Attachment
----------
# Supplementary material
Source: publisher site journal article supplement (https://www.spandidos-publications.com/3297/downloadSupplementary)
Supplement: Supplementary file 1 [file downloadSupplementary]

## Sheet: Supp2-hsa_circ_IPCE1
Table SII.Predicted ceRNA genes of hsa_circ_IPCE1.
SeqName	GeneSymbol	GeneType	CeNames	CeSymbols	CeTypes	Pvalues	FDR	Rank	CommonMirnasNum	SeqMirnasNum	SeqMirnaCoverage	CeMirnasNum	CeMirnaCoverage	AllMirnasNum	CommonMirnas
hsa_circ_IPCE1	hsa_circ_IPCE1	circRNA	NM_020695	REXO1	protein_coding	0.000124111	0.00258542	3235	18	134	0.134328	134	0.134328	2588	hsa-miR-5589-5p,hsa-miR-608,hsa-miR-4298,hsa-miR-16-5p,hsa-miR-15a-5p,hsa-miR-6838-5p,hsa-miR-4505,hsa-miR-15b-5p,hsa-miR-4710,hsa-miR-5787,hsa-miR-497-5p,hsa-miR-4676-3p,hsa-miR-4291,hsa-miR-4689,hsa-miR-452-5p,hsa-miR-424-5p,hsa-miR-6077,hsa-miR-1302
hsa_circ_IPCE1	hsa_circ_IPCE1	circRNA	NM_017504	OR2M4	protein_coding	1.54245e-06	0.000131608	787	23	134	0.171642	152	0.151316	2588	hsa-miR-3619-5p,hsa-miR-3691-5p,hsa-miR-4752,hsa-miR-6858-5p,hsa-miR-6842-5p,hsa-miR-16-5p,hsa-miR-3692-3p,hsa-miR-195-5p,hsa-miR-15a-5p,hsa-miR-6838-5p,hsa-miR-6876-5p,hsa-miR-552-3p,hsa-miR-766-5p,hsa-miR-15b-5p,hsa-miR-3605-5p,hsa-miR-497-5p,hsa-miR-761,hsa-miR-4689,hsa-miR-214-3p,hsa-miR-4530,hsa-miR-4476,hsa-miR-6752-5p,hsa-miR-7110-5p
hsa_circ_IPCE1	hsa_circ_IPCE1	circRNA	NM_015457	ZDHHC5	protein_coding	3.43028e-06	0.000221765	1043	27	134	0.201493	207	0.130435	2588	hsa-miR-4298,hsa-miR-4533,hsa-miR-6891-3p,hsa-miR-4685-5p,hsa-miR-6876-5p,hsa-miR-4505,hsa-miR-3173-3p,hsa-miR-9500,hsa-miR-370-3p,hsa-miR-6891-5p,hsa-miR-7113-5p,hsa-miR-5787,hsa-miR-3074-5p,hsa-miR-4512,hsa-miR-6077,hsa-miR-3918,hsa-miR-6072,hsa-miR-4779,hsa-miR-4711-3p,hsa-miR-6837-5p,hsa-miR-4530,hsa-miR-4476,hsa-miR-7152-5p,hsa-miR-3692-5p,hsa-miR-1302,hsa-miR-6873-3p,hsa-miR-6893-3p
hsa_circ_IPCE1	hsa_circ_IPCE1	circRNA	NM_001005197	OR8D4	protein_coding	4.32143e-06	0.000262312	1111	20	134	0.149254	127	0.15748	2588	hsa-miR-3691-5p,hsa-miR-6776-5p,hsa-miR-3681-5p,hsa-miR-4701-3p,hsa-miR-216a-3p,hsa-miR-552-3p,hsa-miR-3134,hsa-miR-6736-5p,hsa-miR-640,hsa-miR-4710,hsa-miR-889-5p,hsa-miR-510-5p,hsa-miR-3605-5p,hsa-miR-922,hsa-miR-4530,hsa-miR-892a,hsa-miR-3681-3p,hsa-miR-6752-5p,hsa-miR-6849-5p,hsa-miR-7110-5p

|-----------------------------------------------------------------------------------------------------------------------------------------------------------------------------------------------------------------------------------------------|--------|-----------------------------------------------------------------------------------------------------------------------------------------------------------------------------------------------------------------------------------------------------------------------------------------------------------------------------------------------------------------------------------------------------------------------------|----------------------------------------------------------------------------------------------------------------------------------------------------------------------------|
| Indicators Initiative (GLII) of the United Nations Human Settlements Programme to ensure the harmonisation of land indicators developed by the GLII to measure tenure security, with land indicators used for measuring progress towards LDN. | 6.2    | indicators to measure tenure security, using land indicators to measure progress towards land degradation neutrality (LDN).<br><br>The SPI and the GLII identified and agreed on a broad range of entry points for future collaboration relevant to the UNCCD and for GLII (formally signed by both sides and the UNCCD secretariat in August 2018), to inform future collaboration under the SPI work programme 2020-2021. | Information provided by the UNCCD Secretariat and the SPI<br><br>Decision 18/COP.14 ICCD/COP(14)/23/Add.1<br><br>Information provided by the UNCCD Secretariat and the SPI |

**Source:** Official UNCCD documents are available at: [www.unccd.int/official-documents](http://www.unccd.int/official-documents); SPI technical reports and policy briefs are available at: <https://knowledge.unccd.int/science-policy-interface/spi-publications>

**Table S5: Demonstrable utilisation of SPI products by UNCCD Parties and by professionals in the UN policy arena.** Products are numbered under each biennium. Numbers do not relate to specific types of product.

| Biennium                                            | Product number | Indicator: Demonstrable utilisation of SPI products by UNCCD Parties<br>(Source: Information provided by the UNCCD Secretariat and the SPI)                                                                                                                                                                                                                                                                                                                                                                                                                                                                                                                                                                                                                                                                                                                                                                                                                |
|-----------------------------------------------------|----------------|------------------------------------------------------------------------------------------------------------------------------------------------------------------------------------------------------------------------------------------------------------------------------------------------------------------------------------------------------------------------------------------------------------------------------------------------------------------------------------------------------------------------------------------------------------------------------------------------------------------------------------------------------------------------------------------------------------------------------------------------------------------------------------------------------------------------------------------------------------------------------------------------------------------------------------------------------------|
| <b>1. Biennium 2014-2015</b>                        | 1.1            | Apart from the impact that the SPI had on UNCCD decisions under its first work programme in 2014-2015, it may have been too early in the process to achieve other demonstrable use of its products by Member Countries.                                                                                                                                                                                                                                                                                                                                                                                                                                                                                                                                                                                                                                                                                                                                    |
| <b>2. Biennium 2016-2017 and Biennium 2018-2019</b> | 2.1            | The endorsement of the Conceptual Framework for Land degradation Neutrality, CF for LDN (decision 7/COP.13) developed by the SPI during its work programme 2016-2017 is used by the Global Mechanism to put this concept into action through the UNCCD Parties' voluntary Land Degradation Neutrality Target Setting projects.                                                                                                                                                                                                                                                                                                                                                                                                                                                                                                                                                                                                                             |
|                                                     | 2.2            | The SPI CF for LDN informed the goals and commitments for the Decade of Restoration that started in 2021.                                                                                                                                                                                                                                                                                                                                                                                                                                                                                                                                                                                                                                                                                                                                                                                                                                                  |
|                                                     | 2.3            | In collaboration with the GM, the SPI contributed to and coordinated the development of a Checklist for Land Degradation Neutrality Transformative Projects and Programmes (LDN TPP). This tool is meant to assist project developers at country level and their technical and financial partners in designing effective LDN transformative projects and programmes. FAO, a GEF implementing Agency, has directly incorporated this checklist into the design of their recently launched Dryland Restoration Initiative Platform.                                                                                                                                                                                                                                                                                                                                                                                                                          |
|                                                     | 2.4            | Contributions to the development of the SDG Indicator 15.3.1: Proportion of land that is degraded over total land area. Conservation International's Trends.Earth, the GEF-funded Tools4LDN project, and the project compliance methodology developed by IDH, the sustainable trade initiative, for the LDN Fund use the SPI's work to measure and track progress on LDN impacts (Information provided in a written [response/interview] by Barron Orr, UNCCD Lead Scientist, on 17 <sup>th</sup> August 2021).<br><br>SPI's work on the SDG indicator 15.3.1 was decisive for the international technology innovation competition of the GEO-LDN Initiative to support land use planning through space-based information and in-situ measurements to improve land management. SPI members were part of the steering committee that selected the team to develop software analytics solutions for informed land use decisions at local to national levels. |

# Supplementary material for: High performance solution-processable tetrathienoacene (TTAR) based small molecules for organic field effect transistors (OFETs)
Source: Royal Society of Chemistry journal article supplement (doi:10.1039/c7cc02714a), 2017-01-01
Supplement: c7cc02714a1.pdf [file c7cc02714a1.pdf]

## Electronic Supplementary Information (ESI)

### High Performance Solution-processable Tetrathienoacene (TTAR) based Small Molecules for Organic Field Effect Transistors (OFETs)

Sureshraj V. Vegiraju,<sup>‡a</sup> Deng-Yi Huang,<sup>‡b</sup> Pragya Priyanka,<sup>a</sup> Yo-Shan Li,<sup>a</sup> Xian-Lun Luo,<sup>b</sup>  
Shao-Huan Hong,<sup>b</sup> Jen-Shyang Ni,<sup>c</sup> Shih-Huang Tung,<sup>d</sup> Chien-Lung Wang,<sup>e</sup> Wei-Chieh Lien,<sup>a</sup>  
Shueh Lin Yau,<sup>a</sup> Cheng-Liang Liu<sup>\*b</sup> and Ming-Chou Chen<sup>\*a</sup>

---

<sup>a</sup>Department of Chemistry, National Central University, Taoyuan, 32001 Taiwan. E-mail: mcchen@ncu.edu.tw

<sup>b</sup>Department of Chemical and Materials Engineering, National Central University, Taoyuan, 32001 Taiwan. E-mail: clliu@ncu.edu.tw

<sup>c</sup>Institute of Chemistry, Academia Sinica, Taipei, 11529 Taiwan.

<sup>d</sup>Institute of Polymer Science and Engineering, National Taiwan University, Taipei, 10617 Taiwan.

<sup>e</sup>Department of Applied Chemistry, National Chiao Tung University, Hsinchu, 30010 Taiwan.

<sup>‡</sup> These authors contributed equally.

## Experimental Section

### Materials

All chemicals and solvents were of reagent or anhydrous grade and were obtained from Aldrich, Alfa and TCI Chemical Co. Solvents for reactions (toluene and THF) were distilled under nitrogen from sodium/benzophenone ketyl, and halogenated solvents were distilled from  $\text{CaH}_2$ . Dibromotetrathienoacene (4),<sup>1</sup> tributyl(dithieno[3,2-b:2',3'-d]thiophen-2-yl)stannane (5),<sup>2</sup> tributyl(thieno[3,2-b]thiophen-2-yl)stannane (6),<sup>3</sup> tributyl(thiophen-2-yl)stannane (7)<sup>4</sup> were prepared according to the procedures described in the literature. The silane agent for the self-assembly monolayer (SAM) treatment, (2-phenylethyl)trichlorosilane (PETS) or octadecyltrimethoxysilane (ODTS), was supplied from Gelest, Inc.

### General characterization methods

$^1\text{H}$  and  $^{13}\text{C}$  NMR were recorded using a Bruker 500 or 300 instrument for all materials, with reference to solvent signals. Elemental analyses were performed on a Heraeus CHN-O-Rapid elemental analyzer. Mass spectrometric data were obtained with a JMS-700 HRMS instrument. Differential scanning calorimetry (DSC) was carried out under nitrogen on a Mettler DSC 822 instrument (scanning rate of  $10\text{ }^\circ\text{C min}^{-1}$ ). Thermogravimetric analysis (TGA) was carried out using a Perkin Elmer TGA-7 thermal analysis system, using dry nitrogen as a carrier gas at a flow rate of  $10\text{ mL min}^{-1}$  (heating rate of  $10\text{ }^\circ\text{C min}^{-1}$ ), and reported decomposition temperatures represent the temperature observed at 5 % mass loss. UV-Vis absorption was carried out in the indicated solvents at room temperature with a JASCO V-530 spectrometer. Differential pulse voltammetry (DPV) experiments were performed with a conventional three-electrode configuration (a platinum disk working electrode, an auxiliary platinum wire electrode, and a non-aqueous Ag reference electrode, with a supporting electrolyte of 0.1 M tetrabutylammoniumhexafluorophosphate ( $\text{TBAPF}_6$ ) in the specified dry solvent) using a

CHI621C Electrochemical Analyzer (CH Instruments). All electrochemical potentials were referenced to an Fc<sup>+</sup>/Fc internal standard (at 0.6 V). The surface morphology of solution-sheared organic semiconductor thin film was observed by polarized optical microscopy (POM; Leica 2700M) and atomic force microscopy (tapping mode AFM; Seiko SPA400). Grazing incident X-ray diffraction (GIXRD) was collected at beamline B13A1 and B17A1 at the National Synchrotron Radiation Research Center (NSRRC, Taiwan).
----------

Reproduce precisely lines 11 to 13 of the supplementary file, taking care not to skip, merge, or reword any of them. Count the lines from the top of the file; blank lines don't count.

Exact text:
|-----------------------------------------------------------------------------------------------------------------------------------------------------------------------------------------------------------------------------------------------|--------|-----------------------------------------------------------------------------------------------------------------------------------------------------------------------------------------------------------------------------------------------------------------------------------------------------------------------------------------------------------------------------------------------------------------------------|----------------------------------------------------------------------------------------------------------------------------------------------------------------------------|
| Indicators Initiative (GLII) of the United Nations Human Settlements Programme to ensure the harmonisation of land indicators developed by the GLII to measure tenure security, with land indicators used for measuring progress towards LDN. | 6.2    | indicators to measure tenure security, using land indicators to measure progress towards land degradation neutrality (LDN).<br><br>The SPI and the GLII identified and agreed on a broad range of entry points for future collaboration relevant to the UNCCD and for GLII (formally signed by both sides and the UNCCD secretariat in August 2018), to inform future collaboration under the SPI work programme 2020-2021. | Information provided by the UNCCD Secretariat and the SPI<br><br>Decision 18/COP.14 ICCD/COP(14)/23/Add.1<br><br>Information provided by the UNCCD Secretariat and the SPI |

**Source:** Official UNCCD documents are available at: [www.unccd.int/official-documents](http://www.unccd.int/official-documents); SPI technical reports and policy briefs are available at: <https://knowledge.unccd.int/science-policy-interface/spi-publications>